While the doctor may present your case in a distant, clinical manner, the applicant himself/herself must evoke some semblance of understanding from the Claims Representative at the U.S. Office of Personnel Management.  Indeed, it is “Showtime”, but the showing must be accomplished in words, and the time to touch upon is the present moment, encapsulated in time and the narrative prose.

Sincerely,

Robert R. McGill, Esquire

Disability Retirement for Federal Workers: The Effective Narrative

In preparing, formulating and filing a Federal Disability Retirement application under FERS or CSRS, it is important to compile an effective narrative on Standard Form 3112A, the Applicant’s Statement of Disability.  

The narrative presentation, in response to specific questions which are posed on SF 3112A, should encompass a wide range of writing tools:  clear identification of the diagnosed medical conditions; concise description of the symptoms which manifest themselves; an understandable delineation of the type, nature and essential elements required in one’s position with the Federal government or the Postal Service; and a connective narration of the impact of one’s medical conditions upon the performance of the essential elements of one’s positional duties.  

All of those writing tools which one learned in grammar school — and hopefully perfected over the years — should be utilized in the process of formulating the narrative.  By “narrative” is meant the story of one’s medical conditions and its impact upon one’s ability/inability to perform the essential elements of one’s job.  

The narrative form should be clear, concise, comprehensible, and minimalist to the extent that the range of irrelevant tangents should be limited, but the story should be compelling enough to contain the details to captivate the OPM Representative who is reviewing the case.  Moreover, it should be a short story as opposed to a novel; one should not have to tell about the pain, but rather, allow the story to reveal the physical and emotional devastation of the medical condition, its impact upon one’s job, and upon other aspects of one’s life.  Further, it should answer the questions posed, but go beyond the questions, and answer the essential foundation without argumentation:  Why one is eligible and entitled to Federal Disability Retirement benefits under either FERS or CSRS.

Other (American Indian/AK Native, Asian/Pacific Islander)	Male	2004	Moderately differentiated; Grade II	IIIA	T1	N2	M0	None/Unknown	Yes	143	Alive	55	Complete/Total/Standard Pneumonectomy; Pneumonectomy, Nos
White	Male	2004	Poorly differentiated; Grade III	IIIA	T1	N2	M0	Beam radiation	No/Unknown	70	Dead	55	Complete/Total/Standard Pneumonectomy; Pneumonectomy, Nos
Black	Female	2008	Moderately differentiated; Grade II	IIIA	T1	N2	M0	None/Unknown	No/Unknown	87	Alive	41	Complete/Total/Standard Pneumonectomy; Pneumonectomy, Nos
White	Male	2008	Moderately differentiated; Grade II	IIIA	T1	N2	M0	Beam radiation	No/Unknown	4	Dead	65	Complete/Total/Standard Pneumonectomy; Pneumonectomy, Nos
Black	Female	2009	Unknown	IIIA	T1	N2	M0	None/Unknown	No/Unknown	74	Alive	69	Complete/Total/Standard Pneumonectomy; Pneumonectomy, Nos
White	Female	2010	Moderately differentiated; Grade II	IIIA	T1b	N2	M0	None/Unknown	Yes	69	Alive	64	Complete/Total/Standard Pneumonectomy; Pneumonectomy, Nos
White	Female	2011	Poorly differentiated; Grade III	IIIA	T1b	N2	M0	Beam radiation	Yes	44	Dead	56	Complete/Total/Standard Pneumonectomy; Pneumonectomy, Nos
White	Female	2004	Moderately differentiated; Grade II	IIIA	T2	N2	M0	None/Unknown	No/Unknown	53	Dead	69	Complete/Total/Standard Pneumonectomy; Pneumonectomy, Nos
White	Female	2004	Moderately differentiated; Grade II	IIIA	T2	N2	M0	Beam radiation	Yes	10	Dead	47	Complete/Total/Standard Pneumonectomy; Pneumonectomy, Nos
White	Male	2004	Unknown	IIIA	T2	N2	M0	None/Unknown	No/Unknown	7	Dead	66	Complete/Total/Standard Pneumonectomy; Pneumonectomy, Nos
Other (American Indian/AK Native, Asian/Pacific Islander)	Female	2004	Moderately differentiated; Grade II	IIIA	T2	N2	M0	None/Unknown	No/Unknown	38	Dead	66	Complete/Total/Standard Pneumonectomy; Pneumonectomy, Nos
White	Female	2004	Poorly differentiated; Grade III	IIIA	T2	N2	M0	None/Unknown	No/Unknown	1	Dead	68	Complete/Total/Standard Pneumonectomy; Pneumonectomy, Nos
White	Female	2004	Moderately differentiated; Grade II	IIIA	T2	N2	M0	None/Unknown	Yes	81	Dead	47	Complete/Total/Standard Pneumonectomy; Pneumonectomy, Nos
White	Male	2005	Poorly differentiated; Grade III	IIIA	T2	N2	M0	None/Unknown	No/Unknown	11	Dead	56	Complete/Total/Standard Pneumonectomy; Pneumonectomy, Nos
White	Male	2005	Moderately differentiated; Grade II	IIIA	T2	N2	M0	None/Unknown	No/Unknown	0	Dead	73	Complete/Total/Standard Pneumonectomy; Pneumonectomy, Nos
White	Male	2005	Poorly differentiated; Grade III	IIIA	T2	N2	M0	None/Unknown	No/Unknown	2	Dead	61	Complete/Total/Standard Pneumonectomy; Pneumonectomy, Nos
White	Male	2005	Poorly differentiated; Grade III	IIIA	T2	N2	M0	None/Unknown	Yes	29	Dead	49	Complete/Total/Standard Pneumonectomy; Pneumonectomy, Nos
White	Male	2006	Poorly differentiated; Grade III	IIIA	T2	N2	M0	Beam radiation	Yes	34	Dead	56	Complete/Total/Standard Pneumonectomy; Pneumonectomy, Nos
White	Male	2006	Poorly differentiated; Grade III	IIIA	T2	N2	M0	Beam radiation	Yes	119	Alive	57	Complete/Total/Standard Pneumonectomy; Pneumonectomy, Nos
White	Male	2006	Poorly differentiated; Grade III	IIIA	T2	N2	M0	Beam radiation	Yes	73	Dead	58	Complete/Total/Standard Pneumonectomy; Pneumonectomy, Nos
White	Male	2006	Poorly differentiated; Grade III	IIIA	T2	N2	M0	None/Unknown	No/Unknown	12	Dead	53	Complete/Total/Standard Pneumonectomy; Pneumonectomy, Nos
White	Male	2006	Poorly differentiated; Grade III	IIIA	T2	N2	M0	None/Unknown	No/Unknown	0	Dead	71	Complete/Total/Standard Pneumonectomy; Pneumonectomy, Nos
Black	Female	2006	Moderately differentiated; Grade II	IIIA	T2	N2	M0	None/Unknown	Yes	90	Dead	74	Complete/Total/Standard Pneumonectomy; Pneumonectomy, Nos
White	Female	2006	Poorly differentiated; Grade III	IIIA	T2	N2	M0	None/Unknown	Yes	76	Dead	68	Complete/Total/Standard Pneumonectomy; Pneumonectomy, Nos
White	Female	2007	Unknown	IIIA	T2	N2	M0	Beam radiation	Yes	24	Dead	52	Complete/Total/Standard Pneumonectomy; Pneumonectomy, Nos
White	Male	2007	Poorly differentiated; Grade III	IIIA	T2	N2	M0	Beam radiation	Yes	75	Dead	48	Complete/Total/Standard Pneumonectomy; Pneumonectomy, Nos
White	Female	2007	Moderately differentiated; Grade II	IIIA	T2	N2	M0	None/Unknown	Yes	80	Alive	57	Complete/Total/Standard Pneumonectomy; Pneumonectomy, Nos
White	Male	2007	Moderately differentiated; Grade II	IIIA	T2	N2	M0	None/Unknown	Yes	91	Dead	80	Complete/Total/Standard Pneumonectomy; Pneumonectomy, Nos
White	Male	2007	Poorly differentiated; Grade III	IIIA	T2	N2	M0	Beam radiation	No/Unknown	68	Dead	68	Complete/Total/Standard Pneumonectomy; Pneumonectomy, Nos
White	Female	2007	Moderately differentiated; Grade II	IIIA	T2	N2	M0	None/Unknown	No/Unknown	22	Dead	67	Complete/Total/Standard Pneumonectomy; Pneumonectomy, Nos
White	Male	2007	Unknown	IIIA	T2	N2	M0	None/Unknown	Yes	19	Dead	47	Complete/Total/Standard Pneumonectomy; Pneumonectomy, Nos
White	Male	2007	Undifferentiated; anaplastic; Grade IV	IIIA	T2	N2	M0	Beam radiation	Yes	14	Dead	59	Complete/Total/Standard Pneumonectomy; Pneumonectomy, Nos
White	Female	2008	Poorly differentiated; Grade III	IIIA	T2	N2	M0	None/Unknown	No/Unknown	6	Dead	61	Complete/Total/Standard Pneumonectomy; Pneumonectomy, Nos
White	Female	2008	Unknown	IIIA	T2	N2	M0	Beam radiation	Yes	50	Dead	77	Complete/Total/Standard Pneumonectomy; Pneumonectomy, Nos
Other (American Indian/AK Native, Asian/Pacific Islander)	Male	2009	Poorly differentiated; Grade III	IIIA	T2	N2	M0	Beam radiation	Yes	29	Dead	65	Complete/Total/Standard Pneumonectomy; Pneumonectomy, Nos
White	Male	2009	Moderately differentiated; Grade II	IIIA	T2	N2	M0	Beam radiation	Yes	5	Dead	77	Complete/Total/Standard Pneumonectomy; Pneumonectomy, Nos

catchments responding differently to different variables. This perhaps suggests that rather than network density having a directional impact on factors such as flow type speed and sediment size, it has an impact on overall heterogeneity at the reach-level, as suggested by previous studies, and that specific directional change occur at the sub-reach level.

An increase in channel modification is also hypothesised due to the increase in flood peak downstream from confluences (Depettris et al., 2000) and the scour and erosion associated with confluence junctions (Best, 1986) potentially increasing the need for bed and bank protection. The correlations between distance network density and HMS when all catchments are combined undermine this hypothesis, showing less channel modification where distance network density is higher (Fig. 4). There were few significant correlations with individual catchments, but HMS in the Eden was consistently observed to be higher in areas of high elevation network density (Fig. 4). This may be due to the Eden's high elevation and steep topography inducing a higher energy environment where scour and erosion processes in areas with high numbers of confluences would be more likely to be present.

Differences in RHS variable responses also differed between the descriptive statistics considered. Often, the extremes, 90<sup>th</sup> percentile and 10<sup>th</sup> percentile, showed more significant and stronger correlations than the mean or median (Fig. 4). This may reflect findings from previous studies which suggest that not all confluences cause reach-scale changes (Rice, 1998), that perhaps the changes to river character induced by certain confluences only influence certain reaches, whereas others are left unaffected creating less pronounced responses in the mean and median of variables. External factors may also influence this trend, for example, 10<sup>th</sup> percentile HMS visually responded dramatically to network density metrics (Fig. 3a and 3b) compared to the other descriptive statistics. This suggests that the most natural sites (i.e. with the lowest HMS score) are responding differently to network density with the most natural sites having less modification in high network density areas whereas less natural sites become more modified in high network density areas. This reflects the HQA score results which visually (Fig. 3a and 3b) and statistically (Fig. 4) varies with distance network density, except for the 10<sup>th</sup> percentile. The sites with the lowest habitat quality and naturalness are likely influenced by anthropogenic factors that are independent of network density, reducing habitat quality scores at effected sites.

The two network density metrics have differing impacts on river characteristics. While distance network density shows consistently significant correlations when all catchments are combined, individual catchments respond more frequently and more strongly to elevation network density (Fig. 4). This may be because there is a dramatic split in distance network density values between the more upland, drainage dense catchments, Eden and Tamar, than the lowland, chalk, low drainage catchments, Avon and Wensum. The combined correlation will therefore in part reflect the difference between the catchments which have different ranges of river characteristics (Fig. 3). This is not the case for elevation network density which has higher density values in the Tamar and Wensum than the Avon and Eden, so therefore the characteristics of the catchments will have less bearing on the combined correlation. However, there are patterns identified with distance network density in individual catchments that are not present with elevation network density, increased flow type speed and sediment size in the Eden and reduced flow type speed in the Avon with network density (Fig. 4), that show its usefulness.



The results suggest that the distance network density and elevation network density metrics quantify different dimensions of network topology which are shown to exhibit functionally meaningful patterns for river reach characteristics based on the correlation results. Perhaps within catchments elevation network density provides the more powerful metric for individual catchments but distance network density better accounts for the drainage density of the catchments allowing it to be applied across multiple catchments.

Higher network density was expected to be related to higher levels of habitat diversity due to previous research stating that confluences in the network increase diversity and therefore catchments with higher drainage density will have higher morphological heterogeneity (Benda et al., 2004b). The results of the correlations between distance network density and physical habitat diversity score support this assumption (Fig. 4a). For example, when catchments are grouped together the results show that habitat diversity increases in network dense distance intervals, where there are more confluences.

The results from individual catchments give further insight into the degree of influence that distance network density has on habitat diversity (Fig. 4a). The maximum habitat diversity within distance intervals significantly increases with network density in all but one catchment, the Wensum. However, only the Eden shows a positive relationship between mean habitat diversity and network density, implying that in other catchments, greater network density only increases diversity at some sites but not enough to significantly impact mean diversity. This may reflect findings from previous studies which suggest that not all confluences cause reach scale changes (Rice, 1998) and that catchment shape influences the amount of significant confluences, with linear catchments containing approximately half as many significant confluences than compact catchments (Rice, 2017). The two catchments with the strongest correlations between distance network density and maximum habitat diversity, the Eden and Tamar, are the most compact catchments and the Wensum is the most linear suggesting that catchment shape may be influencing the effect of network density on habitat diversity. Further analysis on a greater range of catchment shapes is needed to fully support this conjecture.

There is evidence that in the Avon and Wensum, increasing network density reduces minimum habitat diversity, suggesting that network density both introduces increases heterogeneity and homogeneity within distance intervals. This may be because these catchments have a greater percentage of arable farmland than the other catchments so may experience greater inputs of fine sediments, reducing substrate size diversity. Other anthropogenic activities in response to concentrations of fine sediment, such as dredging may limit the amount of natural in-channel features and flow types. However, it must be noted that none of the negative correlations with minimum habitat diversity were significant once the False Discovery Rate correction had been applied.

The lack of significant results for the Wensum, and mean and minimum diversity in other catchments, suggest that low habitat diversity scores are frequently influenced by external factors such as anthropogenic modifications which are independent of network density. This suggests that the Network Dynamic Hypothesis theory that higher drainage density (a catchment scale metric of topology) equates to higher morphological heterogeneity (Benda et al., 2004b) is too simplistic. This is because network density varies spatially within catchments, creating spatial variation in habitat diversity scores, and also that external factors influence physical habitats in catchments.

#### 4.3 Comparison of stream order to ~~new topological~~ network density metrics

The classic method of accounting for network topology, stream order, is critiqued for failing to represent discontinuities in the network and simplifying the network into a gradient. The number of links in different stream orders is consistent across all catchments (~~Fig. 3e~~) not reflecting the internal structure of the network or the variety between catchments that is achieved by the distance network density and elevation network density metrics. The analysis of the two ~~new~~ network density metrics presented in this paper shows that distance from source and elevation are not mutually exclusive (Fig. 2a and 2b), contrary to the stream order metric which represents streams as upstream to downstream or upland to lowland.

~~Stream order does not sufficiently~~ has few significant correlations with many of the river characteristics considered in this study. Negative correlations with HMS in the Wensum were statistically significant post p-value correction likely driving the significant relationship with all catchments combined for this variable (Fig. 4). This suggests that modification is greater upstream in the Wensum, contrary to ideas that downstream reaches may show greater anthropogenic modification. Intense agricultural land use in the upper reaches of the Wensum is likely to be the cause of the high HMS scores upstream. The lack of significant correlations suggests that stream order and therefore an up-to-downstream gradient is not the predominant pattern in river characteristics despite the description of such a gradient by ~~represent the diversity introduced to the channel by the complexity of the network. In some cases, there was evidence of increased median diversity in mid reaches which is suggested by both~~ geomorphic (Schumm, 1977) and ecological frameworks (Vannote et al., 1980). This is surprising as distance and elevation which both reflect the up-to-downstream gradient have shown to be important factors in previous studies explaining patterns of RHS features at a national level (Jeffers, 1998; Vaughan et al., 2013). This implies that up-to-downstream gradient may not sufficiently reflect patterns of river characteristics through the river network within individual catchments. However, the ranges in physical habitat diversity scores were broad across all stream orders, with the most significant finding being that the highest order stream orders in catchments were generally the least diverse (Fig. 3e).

Sincerely,

Robert R. McGill, Esquire

OPM Disability Retirement: Burden of Proof

In preparing, formulating and filing a Federal Disability Retirement application under FERS & CSRS, one is often asked (and should also ask of one’s self) the following question:  What does it take to be eligible?  What proof proves my case?  How much proof must I submit (quantity) and is the proof I submit sufficient (quality)?  All of these questions fall under a generic rubric in law, termed as “burden of proof“. 

Every legal process — and filing for Federal Disability Retirement benefits under FERS or CSRS is no different — applies a legal standard:  a set of criteria in determining whether or not a Federal or Postal Worker is eligible for — qualifies for — Federal Disability Retirement benefits under FERS or CSRS. 

In applying a statutory set of criteria, there is the general application of what constitutes, or meets the needs of, the evidence, documents, and proof that is submitted for review.  The overriding standard that is supposed to be applied for determining the process, is a standard of law called, “Preponderance of the evidence.”  It is a relatively low standard used in civil law — where, if the proof submitted shows that it is more likely so than not so, then one has met “by a preponderance of the evidence” that a Federal or Postal employee is entitled to Federal Disability Retirement benefits. 

Does this standard apply at the administrative level — at the Office of Personnel Management?  The answer is “Yes”, but not necessarily consciously.  One only effectively argues that the standard of proof has been met when one encounters a Judge — at the Merit Systems Protection Board.  But, nevertheless, OPM is supposed to follow “the law” and the burden of proof, and it is simply one more argument that one can, and should, make to the Office of Personnel Management when filing for Federal Disability Retirement benefits under either FERS or CSRS.

Sincerely,

Robert R. McGill, Esquire